I considered being a bit snarky and posting each of your statements as direct opposites (IE all that matters is if a self modifying human becomes more capable than an AI at the time of its augmentation), but I feel like that would convey the wrong message. The dismissive response genuinely confuses me, but I'm making the assumption that my poor organization has made my point too vague.


It's not an arbitrary reference point. For a singularity/AI-goes-FOOM event to occur, it needs to have sufficient intelligence and capability to modify itself in a recursive self-improvement process. A chimpanzee is not smart enough to do this. We've posited that at least some human beings are capable of creating a more powerful intelligence either though AGI or IA. Therefore the important cutoff where a FOOM event becomes possible is somewhere in-between those two reference levels (the chimpanzee and the circa 2013 rationalist AGI/IA researcher).

Despite my careless phrasing, this isn't some floating standard that depends on circumstances (having to be smarter than your creators). An AGI or IA simply has to meet some objective minimum level of rationalist and technological capability to start the recursive self-improvement process. The problem is our understanding of the nature of intelligence is not developed enough to predict where that hard cutoff is, so we're resorting to making qualitative judgements. We think we are capable of starting a singularity event either through AGI or IA means. Therefore anything smarter than we are (“superhuman”) would be equally capable. This is a sufficient, but not necessary requirement - making humans smarter though IA doesn't mean that an AGI suddenly has to be that much smarter to start its own recursive self-improvement cycle.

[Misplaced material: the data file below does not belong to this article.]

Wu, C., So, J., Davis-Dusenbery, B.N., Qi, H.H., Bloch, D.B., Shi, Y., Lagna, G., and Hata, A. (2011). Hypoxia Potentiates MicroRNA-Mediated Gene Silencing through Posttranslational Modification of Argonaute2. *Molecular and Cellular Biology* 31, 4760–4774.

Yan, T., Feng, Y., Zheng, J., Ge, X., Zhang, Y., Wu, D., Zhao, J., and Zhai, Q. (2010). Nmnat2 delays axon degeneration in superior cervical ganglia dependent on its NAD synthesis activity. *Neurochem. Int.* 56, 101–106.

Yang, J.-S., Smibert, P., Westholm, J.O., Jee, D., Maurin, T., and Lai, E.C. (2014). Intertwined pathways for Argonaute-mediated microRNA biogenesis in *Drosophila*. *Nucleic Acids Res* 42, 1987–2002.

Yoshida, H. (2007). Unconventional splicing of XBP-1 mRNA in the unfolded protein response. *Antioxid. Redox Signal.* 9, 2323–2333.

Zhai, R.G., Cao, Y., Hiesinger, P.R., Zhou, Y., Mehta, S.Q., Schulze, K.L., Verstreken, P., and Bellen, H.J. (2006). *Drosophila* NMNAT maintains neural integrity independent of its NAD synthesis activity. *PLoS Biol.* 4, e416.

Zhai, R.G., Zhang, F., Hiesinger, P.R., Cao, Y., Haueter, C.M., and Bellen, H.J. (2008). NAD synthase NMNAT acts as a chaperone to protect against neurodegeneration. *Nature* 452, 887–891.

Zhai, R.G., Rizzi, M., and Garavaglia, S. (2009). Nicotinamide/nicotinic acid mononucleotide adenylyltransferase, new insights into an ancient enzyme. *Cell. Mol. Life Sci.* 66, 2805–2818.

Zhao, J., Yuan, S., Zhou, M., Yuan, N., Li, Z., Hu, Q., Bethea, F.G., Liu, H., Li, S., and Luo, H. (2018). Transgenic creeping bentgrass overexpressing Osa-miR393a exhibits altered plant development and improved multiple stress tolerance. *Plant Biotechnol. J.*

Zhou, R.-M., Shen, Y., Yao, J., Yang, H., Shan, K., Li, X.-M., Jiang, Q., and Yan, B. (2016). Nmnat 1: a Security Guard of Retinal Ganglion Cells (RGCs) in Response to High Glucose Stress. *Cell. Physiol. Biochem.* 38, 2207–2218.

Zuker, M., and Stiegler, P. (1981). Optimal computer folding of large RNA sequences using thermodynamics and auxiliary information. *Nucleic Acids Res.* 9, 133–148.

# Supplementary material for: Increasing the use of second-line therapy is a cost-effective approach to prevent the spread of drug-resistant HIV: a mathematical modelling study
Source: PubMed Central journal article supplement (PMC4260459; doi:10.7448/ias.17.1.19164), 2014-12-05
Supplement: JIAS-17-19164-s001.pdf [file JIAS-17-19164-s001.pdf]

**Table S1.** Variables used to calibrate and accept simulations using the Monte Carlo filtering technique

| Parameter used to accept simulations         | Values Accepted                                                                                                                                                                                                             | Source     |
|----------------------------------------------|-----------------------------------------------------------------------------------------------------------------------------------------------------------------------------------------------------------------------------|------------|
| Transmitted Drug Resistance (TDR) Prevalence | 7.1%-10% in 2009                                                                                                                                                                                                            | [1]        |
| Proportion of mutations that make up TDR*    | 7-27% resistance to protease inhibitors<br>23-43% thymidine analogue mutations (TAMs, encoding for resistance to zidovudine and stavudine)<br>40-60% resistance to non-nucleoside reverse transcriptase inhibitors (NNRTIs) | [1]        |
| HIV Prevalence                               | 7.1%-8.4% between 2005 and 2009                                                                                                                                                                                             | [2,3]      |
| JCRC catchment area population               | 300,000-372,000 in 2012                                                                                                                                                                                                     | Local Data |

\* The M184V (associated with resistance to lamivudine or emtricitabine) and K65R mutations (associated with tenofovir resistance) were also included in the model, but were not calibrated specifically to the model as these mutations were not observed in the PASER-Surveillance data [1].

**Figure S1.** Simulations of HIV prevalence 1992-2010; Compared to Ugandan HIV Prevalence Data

My point about software was that an AGI FOOM could happen today. There are datacenters at Google and research supercomputers that are powerful enough to run a recursively improving “artificial scientist” AGI. But IA technology to the level of being able to go super-critical basically requires molecular nanotechnology or equivalently powerful technology (to replace neurons) and/or mind uploading. You won't get an IA FOOM until you can remove the limitations of biological wetware, but these technologies are at best multiple decades away.

Increased intelligence does not mean [EDIT: does not automatically translate to] increased rationality... but still, with proper education, more intelligent people could become rational more quickly.

If we invent a pill for increasing everyone's IQ by 50, distributing the pill to the world will not make it more rational. But if CFAR develops a curriculum for making people more rational, those who already took the pill will be more successful students.

(In the opposite direction: If a mad scientist releases a virus that will lower everyone's IQ to 80, some specific forms of irrationality may disappear... but CFAR's or MIRI's missions will become completely hopeless.)

Increased intelligence does not mean increased rationality

Yes, it does. It's not a one-to-one (or linear) correspondence, but it's really hard to be rational if you're stupid.